Gator is Reynolds’ follow-up to White Lightning. Honestly, it’s one of the rare cases where the sequel trounces the original. The film opens on Gator getting out of prison after the events of the first movie. Mike Douglas playing The Governor of Georgia (wrap your head around that) cuts a deal for Gator to bring down his best friend Bama McCall. McCall (played by Jerry Reed) has been running a protection racket between Florida and Georgia, but the Feds want it busted up. This leads to enough high speed boat chases to make Sterling Archer cream his jeans.

Lauren Hutton shows up as the gap-toothed love interest, but this isn’t about her. What makes this film so insane is that Reynolds lifted the Blaxploitation formula of AIP and others to make a similar movie about white rednecks. While not quite true Hicksploitation, the film is a celebration of the Gulf Coast mentality. Reynolds being a Florida native uses every inch of the landscape to paint a portrait of a Good Ol’ Boy doing what it takes to make things right. Plus, that poster is amazing. If I were younger, I’d want that spray painted across the hood of a Trans Am.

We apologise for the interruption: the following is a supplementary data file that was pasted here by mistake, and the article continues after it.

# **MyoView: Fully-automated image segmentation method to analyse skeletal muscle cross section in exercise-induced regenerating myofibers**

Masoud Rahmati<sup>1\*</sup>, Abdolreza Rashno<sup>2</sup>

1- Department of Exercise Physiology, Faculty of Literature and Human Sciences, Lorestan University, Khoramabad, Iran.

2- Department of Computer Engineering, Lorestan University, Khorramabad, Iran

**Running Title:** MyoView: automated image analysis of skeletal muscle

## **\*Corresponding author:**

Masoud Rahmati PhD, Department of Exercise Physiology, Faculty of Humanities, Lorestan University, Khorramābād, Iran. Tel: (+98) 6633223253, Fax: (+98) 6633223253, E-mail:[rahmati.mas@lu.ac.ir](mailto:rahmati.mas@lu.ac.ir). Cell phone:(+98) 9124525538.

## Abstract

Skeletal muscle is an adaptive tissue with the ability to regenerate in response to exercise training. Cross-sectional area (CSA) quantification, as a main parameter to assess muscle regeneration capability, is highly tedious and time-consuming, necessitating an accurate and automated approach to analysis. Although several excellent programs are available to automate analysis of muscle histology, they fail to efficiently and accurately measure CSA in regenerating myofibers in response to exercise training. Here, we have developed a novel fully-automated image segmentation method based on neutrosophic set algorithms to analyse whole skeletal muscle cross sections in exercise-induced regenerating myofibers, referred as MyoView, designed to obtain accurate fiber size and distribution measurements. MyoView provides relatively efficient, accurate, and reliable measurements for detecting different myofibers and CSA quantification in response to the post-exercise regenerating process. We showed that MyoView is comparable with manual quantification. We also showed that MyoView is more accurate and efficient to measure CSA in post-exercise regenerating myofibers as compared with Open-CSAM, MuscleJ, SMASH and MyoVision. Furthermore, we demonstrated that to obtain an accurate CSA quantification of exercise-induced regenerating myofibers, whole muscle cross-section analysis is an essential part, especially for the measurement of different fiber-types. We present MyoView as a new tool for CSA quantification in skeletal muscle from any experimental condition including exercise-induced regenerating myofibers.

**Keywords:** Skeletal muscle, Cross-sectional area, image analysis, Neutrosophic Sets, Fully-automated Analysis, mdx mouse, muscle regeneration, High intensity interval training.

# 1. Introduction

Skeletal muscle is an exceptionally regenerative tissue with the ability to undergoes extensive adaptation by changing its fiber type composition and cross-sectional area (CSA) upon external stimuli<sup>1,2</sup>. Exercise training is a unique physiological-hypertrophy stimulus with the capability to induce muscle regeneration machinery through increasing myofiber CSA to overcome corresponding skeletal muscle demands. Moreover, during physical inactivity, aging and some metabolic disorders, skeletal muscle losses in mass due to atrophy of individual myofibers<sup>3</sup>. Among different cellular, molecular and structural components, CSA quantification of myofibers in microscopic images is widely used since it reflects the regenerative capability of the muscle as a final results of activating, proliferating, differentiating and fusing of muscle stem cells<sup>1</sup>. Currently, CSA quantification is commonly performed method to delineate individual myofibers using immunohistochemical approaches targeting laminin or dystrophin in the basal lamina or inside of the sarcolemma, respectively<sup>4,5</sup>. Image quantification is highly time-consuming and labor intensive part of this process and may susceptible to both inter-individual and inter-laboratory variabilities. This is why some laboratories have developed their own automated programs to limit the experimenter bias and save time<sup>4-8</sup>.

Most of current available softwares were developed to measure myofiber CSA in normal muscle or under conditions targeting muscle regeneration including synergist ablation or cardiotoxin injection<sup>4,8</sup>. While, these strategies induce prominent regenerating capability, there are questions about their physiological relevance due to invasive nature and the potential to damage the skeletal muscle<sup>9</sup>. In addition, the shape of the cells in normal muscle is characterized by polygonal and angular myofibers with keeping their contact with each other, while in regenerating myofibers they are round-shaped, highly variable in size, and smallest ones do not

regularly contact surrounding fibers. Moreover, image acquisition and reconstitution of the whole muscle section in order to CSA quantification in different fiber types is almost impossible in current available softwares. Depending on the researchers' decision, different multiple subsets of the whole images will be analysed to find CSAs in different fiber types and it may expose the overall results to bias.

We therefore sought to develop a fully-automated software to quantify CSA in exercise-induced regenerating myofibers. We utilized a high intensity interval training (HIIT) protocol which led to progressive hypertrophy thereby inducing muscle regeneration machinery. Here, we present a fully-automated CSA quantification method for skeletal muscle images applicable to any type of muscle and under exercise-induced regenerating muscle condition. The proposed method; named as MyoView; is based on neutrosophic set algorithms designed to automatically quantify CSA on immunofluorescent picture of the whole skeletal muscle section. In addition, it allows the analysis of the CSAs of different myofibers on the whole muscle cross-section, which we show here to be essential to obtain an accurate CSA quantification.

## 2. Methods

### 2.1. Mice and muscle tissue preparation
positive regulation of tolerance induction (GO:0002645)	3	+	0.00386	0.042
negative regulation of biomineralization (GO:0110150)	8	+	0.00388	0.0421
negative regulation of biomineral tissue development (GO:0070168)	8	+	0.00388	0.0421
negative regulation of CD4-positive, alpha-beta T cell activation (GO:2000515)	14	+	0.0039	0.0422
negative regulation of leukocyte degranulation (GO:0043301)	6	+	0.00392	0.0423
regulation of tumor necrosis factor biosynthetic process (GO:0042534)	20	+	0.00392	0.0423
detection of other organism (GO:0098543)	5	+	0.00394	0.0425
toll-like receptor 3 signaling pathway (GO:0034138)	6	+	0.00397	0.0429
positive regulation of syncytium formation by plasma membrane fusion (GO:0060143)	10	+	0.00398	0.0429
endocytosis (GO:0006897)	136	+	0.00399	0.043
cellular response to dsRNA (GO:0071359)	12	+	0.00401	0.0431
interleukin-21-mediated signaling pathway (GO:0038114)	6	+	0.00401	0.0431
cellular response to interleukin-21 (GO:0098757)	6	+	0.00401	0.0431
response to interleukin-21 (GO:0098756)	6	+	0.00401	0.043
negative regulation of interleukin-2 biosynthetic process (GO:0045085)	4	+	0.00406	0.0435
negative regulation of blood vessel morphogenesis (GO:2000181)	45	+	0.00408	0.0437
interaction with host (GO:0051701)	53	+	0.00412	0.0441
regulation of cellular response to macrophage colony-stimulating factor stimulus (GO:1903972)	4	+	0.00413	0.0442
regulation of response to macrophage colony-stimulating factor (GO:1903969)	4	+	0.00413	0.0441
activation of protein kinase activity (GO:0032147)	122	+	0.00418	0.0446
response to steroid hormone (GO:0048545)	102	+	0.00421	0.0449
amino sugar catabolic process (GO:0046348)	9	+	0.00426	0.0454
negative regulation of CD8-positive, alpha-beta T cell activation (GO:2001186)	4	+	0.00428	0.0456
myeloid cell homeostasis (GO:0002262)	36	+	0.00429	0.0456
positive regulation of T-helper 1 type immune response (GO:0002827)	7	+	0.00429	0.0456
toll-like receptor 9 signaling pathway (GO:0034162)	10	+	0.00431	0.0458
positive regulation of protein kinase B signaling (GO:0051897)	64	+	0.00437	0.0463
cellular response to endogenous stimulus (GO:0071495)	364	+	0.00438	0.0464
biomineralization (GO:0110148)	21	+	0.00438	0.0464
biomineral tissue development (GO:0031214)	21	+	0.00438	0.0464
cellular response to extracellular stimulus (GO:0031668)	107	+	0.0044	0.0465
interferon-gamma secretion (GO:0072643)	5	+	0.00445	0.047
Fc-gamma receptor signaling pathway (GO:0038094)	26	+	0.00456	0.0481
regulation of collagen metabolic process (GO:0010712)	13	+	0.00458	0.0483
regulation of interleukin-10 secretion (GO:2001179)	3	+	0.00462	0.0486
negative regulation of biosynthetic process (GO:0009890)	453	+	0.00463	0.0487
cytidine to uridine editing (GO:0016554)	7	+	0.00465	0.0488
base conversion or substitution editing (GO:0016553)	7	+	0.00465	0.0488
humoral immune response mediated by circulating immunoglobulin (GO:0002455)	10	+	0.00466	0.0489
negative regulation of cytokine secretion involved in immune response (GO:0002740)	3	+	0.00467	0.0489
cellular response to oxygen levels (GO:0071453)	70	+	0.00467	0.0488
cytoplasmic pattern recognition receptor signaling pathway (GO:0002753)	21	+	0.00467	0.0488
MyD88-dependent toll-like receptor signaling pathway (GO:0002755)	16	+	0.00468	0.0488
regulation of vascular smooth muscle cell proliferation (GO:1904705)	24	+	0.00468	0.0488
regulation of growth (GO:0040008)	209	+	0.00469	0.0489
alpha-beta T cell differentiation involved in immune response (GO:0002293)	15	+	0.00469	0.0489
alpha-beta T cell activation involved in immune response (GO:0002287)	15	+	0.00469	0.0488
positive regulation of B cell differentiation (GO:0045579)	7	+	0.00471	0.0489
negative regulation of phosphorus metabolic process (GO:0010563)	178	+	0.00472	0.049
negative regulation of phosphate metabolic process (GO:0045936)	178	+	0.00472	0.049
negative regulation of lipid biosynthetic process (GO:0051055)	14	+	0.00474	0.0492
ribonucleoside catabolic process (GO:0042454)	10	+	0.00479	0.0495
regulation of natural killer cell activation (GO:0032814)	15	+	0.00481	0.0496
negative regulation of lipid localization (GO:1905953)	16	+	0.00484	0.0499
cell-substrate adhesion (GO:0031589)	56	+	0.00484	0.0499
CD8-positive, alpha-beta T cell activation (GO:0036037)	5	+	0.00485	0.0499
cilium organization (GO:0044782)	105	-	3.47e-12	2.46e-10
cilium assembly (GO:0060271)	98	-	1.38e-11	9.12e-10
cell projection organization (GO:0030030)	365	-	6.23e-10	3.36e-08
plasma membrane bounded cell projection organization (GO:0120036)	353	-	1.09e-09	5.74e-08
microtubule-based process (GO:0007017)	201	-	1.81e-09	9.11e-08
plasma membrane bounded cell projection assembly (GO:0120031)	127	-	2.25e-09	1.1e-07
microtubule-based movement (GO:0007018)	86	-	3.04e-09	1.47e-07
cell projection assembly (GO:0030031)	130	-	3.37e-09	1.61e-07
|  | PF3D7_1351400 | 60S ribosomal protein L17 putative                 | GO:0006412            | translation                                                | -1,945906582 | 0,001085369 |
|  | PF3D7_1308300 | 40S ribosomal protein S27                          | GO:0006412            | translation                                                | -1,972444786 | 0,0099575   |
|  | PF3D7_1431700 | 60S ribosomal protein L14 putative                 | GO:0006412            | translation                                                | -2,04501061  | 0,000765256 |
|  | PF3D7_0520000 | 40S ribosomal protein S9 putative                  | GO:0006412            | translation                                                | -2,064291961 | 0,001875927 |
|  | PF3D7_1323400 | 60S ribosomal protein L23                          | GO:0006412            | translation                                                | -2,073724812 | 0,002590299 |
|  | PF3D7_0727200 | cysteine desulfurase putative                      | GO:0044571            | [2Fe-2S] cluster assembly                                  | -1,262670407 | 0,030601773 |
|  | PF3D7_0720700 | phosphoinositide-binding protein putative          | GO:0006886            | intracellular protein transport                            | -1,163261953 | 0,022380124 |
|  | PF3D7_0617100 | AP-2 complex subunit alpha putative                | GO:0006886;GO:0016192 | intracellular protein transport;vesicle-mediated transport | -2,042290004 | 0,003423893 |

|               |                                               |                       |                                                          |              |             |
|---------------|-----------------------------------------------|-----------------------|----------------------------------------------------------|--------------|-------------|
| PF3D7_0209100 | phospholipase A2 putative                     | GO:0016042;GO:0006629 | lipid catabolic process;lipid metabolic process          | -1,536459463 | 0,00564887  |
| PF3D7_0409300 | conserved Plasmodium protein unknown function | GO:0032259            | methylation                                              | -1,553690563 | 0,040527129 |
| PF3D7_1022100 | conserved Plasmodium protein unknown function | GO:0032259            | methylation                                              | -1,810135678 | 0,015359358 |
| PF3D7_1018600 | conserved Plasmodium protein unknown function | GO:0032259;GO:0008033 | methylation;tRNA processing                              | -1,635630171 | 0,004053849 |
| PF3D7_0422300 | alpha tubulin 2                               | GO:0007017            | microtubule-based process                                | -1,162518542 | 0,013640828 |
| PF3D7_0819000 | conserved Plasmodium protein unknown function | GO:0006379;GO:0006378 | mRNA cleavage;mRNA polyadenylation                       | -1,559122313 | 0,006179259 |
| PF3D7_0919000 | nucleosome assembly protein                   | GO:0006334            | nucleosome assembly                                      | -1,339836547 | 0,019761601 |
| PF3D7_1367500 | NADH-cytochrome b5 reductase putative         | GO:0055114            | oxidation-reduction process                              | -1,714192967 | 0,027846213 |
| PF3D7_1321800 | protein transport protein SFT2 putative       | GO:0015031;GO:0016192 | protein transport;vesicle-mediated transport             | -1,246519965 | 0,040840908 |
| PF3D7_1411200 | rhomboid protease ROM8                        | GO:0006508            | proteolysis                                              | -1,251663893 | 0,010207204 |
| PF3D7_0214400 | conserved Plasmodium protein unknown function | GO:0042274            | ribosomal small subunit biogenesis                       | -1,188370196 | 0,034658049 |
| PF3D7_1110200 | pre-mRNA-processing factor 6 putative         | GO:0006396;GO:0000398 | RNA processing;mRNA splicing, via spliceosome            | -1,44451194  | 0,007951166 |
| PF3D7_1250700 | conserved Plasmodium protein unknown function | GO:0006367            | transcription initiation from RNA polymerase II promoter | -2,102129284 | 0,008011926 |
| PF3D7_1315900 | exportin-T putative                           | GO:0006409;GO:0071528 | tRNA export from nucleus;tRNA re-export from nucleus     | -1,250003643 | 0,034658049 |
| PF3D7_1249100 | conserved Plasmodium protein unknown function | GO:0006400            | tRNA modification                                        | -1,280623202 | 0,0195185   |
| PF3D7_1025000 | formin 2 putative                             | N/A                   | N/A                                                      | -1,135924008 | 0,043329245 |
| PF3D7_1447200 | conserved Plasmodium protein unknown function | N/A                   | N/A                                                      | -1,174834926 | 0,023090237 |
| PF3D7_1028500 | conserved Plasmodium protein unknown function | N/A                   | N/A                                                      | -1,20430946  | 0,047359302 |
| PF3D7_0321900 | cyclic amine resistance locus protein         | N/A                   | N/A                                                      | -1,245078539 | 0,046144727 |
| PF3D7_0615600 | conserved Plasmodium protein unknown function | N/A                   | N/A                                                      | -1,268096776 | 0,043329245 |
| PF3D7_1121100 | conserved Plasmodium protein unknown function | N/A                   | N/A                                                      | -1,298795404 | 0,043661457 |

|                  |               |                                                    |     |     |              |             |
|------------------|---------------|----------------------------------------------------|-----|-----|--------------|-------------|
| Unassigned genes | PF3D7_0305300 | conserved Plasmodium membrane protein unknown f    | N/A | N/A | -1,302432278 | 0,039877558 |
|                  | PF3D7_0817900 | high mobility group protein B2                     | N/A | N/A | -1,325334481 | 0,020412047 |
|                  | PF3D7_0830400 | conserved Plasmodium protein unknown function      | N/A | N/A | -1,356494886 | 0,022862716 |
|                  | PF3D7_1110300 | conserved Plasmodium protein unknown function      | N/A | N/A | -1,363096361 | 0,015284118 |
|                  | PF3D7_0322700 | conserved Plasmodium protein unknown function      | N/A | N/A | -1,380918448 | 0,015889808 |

ALL THIS AND WORLD WAR II (1976; Susan Winslow)
All This and World War II is another FOX cult film of the era that bombed. Mixing footage of World War II with 1940s FOX isn’t a new concept, as Phillipe Mora has done something similar with WB film clips. It’s just that it’s such an odd film that grows even odder to the lack of a home video release. I only discovered the film after being handed a DVD-R by a reader back in 2010. Needless to say, musical rights clearance will probably keep this film from ever hitting video.